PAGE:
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Web-only Exclusives
November 30, 2000

From Our Correspondent: Hirohito and the War
A conversation with biographer Herbert Bix

From Our Correspondent: A Rough Road Ahead
Bad news for the Philippines - and some others

From Our Correspondent: Making Enemies
Indonesia needs friends. So why is it picking fights?

Asiaweek Time Asia Now Asiaweek story

OCTOBER 8, 1999 VOL. 25 NO. 40

M A N A G E R S   A T   W A R

LANCE GOKONGWEI, CEBU PACIFIC:
A plane crash early last year made him relieved he had his employees on-side

Edwin Tuyay for Asiaweek
Employees First
By ALEXANDRA A. SENO

In March we told the stories of people retrenched in the wake of the Crisis, in the INSIDE STORY "You're Fired" [March 12]. Now it is time to meet the men and women on the other side of the desk - those who placate creditors, convince reluctant owners about drastic steps and, yes, sometimes fire large numbers of people. The six individuals whose stories are told here had to learn new ways to manage as they faced down the Crisis or coped with other management challenges. There were days when they felt like going home and not returning. But they persevered. They and managers like them face a grueling task. The success of Asian restructuring depends on it.

Crisis comes in many forms. In Lance Gokongwei's case a plane crash brought a sudden halt to a winning streak. In February 1998, Cebu Pacific Flight 387 slammed into a mountainside, killing all 104 people aboard. At the time Gokongwei had been running the fledgling airline for just two years. But in that time he had brought to the company a decidedly un-Asian flavor that had helped make Cebu Pacific the highest-flying domestic carrier.

    MANAGERS AT WAR
Employees First Lance Gokongwei, Cebu Pacific

Gambling with the Truth Sanan Angubolkul, Srithai Superware

A Scion Ditches the Past Cho Jung Ho, Hanjin Securities

Daughter Knows Best Adrienne Ma, Joyce Boutique

When Creditors Scream Rini Suwandi, Astra International

Money, Money, Money Hayakawa Shigezo, Misumi Corp.

When Gokongwei's father, tycoon John, put him in charge, the then 31-year-old president and CEO quickly veered away from tradition, instituting the flat corporate structure and casual approach common to U.S. companies. At first, senior executives recruited from other airlines were shocked to discover that they had only one secretary - not the three they were used to, but Gokongwei was adamant that bureaucracy be kept to a minimum.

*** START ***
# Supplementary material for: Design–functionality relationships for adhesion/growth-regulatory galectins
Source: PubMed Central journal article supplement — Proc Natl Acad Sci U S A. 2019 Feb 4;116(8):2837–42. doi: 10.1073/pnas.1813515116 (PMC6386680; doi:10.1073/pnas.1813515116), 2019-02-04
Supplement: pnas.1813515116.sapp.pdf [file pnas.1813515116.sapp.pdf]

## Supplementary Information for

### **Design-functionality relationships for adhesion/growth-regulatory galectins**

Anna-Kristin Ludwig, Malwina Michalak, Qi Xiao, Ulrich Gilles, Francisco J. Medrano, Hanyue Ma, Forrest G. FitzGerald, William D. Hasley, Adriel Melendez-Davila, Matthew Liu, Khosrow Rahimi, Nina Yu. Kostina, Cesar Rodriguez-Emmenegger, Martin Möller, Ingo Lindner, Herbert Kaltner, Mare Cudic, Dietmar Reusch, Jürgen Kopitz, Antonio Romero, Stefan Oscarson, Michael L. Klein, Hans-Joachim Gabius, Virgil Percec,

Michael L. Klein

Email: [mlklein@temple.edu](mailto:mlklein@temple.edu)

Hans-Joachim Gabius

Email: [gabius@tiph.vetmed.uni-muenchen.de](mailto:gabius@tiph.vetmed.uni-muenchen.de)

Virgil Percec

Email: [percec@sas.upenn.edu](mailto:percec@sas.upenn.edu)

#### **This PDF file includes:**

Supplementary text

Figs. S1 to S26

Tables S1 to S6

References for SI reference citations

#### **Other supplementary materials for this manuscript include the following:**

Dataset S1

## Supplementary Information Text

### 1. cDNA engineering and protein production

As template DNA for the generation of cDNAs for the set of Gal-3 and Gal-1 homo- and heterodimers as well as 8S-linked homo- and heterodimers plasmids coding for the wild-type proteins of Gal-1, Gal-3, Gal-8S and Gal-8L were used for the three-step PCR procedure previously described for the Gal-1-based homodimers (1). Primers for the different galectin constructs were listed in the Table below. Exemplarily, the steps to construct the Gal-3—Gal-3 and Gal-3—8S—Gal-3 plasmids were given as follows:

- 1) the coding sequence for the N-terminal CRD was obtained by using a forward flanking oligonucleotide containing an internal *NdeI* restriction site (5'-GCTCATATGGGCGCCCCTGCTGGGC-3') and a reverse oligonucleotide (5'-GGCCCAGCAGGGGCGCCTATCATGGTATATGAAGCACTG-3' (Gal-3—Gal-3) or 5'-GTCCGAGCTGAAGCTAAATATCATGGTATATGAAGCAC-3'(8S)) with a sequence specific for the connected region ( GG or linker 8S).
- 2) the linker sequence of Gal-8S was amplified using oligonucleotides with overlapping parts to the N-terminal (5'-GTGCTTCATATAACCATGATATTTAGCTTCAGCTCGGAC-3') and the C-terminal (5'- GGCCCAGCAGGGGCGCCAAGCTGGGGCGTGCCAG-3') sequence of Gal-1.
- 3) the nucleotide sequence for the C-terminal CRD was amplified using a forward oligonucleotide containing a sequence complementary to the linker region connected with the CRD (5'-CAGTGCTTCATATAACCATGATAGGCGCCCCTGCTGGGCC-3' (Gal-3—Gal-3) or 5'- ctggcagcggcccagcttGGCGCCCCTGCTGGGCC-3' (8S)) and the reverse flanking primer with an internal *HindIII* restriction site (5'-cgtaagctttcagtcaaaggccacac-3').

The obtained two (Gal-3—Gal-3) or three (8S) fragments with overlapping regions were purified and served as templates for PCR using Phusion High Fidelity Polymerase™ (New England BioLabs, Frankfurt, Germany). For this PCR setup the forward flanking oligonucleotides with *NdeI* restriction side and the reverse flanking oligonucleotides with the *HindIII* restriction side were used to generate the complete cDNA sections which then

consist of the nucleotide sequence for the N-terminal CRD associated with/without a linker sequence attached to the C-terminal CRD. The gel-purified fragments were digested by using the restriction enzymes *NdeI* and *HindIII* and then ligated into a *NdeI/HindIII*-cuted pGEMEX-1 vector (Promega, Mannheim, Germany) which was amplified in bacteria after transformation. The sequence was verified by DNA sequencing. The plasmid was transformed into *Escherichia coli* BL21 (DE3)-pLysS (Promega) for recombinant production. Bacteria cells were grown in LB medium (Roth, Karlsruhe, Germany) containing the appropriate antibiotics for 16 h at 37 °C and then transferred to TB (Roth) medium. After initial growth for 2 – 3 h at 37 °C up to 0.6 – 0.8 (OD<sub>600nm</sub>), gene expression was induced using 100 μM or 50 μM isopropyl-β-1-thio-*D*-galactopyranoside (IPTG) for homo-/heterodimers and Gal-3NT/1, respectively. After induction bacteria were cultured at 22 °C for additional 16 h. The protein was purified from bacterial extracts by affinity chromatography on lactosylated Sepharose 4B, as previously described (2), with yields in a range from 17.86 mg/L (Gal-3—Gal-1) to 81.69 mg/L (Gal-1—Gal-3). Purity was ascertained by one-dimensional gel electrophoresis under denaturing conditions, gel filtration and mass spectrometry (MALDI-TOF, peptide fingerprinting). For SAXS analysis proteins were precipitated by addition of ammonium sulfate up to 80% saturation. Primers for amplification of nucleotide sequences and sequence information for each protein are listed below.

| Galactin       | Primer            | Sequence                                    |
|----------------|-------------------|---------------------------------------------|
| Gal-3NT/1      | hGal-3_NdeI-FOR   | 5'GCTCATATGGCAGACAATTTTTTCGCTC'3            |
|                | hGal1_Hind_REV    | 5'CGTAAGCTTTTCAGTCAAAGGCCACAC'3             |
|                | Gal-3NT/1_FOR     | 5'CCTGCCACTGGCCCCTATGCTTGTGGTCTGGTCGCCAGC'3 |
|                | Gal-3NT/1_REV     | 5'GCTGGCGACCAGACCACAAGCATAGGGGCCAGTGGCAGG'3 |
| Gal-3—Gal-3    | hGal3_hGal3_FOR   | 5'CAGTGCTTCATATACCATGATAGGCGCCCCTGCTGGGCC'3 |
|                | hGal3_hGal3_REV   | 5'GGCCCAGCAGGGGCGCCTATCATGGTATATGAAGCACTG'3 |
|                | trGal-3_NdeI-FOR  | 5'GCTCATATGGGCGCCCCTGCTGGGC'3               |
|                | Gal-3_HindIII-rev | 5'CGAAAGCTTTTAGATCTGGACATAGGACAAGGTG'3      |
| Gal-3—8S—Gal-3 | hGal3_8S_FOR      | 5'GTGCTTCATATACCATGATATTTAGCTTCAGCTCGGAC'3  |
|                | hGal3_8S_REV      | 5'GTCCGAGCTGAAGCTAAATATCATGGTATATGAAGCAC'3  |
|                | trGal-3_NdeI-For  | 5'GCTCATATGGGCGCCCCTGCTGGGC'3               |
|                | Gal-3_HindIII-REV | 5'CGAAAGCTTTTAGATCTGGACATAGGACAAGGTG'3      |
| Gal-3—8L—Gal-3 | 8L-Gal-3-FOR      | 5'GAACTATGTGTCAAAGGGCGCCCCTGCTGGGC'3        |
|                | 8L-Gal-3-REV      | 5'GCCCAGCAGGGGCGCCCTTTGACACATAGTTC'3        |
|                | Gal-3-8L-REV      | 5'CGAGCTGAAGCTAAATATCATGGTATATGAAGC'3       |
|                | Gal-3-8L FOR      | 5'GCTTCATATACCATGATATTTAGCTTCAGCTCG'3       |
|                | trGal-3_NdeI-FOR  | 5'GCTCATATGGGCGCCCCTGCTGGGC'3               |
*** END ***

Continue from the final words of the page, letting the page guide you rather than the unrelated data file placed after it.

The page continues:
Next, he endeavored to build a firm in which employees had a personal stake. Gokongwei did the textbook things: profit-sharing, Hallowe'en costume contests, team-building workshops. Staff were encouraged to propose ideas to senior management directly. Once, two flight attendants approached Gokongwei about a routinely malfunctioning toilet; he got it fixed and began to focus more on passenger comfort. Another time employees suggested "fun flights" during which the cabin crew host games like "Do the Demo" - passengers now get prizes for doing the safety demonstration at the start of the flight. Aside from staff-generated ideas, Gokongwei regularly solicits suggestions from ticketing agents for promotions and special discounts.

His employees rewarded him with impressive work habits. Airlines generally require 20 people at an airport to sell tickets, handle check-in and load baggage among other ground tasks; at Cebu Pacific fewer than half that number do the job. The fledgling airline was filling nearly 90% of its seats (some 20% higher than the industry average) and flights were on time a world-beating 95% of the time.

Then came the plane crash. "Our world seemed to turn upside-down," says Gokongwei. Already emotionally drained from a family tragedy - a brother-in-law killed in a botched kidnap rescue - Gokongwei found himself facing the greatest challenge of his professional life. Though confident the airline had complied with safety standards, he couldn't ignore the fact that he was running the company involved in the nation's worst air disaster.

But the corporate culture he had built stood him well. His employees rallied. Close to half his 450 staff volunteered to be temporarily stationed in southern Cagayan de Oro, where the plane went down, to assist search-and-rescue and comfort victims' families. Employees spent cold nights on the mountain and long hours in morgues. Several dozen sent Gokongwei personal notes of encouragement and support. During the carrier's two-month suspension, hundreds took unpaid leave.

"While I deeply regret the loss of lives," says Gokongwei, "some good came from the experience. It strengthened my belief that my job is not just to run a company for myself but for everyone who contributes to it." Today the carrier has 10 aircraft making 62 flights a day and has a 26% share of the market, second only to flag carrier PAL. For the next fiscal year, the company is aiming for revenue to increase 76% to $75 million. As his upstart airline grows, Gokongwei, now 33, continues to focus on improving the working environment. He values the traditional lessons in fiscal prudence and conservatism that he learned from his father but he will continue to look for guidance to the very people he relies on most - his employees.

NEXT: Gambling with the Truth



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